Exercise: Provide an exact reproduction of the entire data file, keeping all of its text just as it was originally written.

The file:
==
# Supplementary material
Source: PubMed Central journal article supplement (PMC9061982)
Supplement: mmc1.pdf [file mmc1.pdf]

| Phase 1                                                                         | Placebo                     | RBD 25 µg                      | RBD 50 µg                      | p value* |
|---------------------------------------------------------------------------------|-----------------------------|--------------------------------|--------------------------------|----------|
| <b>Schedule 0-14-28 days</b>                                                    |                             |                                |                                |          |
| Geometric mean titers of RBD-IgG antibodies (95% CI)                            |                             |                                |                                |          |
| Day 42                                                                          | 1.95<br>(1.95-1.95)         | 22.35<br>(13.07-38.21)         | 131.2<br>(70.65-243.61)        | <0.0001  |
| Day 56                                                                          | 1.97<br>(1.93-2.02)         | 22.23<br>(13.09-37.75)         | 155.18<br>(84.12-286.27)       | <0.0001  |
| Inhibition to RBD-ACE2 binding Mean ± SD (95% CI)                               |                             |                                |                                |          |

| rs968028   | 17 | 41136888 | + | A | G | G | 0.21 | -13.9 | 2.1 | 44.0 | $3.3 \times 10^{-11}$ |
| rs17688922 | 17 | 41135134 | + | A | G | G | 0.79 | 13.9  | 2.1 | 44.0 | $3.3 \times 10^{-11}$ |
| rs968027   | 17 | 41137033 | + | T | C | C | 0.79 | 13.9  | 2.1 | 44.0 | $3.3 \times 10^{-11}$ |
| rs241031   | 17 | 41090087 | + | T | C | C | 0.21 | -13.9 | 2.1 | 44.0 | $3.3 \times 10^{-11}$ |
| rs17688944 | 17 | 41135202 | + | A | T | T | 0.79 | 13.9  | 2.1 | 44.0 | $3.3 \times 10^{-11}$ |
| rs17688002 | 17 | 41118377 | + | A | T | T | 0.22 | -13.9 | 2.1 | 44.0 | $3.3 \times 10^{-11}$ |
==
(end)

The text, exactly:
# Supplementary material
Source: PubMed Central journal article supplement (PMC9061982)
Supplement: mmc1.pdf [file mmc1.pdf]

| Phase 1                                                                         | Placebo                     | RBD 25 µg                      | RBD 50 µg                      | p value* |
|---------------------------------------------------------------------------------|-----------------------------|--------------------------------|--------------------------------|----------|
| <b>Schedule 0-14-28 days</b>                                                    |                             |                                |                                |          |
| Geometric mean titers of RBD-IgG antibodies (95% CI)                            |                             |                                |                                |          |
| Day 42                                                                          | 1.95<br>(1.95-1.95)         | 22.35<br>(13.07-38.21)         | 131.2<br>(70.65-243.61)        | <0.0001  |
| Day 56                                                                          | 1.97<br>(1.93-2.02)         | 22.23<br>(13.09-37.75)         | 155.18<br>(84.12-286.27)       | <0.0001  |
| Inhibition to RBD-ACE2 binding Mean ± SD (95% CI)                               |                             |                                |                                |          |

| rs968028   | 17 | 41136888 | + | A | G | G | 0.21 | -13.9 | 2.1 | 44.0 | $3.3 \times 10^{-11}$ |
| rs17688922 | 17 | 41135134 | + | A | G | G | 0.79 | 13.9  | 2.1 | 44.0 | $3.3 \times 10^{-11}$ |
| rs968027   | 17 | 41137033 | + | T | C | C | 0.79 | 13.9  | 2.1 | 44.0 | $3.3 \times 10^{-11}$ |
| rs241031   | 17 | 41090087 | + | T | C | C | 0.21 | -13.9 | 2.1 | 44.0 | $3.3 \times 10^{-11}$ |
| rs17688944 | 17 | 41135202 | + | A | T | T | 0.79 | 13.9  | 2.1 | 44.0 | $3.3 \times 10^{-11}$ |
| rs17688002 | 17 | 41118377 | + | A | T | T | 0.22 | -13.9 | 2.1 | 44.0 | $3.3 \times 10^{-11}$ |